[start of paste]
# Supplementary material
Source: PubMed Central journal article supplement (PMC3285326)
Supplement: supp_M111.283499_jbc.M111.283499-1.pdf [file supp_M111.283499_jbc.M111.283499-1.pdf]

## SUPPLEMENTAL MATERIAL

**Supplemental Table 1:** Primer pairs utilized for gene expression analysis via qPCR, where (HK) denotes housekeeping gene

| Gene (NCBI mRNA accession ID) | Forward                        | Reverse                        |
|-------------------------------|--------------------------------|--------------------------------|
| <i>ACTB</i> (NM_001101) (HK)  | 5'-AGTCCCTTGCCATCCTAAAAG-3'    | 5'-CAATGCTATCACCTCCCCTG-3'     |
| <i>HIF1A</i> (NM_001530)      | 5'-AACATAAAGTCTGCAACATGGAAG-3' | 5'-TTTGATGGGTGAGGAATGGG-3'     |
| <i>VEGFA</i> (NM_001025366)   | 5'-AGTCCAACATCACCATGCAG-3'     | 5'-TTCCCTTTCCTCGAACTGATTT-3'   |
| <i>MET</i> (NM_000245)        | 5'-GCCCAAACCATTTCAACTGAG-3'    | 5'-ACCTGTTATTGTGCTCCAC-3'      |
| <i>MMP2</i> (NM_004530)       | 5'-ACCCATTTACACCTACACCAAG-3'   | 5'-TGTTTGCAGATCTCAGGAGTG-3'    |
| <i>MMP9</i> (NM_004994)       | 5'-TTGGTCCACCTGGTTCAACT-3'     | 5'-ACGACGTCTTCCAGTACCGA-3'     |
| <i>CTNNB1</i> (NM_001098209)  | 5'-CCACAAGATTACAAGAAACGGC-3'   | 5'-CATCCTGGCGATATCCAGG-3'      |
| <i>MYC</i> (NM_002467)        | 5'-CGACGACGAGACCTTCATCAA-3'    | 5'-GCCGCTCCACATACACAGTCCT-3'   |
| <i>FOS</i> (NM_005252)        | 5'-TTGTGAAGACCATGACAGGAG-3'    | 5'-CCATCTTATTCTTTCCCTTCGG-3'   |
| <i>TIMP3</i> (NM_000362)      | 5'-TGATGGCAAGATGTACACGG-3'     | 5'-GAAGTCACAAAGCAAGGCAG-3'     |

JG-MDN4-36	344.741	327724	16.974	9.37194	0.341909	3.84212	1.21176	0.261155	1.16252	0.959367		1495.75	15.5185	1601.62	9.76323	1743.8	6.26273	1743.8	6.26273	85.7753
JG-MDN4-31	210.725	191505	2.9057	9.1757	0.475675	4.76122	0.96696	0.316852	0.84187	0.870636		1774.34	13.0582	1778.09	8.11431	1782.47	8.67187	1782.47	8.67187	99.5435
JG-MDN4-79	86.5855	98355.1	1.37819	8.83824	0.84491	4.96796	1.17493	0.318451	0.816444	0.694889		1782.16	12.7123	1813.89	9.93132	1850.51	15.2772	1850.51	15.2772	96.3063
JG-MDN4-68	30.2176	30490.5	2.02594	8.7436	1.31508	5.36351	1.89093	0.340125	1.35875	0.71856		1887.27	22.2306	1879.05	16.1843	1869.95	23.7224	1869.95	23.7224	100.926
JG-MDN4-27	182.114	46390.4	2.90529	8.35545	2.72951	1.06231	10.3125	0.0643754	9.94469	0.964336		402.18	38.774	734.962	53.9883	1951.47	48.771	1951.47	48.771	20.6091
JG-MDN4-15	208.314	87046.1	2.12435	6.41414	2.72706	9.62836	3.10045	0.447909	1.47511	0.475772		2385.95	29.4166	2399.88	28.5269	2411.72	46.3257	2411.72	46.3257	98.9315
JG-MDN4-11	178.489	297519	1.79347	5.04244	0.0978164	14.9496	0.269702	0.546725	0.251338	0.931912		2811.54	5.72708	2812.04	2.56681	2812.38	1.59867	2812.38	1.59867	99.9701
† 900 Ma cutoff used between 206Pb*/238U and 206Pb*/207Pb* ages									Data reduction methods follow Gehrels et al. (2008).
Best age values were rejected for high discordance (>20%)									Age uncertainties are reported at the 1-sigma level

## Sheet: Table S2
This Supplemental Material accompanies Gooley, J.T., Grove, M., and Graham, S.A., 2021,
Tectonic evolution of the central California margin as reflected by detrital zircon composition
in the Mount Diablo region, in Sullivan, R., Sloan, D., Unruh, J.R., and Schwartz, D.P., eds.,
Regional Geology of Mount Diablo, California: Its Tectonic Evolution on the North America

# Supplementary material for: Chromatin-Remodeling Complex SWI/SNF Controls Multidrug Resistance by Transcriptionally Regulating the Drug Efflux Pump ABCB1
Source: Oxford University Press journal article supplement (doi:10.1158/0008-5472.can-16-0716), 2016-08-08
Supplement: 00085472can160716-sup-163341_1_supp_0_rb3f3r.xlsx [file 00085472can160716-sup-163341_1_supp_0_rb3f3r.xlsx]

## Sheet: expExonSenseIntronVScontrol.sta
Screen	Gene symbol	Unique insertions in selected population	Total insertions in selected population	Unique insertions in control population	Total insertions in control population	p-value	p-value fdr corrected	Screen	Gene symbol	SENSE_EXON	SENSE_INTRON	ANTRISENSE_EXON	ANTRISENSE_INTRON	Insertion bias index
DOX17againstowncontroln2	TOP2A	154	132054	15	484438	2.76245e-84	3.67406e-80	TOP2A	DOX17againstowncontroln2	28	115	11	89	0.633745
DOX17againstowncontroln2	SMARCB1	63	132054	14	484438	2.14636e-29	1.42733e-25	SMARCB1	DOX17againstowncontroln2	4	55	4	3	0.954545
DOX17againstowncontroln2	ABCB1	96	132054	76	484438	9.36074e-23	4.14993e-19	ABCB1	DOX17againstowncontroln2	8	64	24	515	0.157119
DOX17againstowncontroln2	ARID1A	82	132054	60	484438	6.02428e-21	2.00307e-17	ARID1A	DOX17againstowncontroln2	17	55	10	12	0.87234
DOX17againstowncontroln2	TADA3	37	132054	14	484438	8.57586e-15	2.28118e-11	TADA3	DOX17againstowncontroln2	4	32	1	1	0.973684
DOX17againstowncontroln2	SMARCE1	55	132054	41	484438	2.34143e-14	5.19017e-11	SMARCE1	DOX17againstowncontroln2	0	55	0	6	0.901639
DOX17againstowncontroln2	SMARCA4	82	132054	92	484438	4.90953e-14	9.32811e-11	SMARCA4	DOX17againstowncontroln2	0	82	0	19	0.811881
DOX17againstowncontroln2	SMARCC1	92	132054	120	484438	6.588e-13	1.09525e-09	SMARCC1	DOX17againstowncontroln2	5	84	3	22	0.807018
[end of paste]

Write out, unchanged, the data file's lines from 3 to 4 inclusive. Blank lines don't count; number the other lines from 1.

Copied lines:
Supplement: supp_M111.283499_jbc.M111.283499-1.pdf [file supp_M111.283499_jbc.M111.283499-1.pdf]

## SUPPLEMENTAL MATERIAL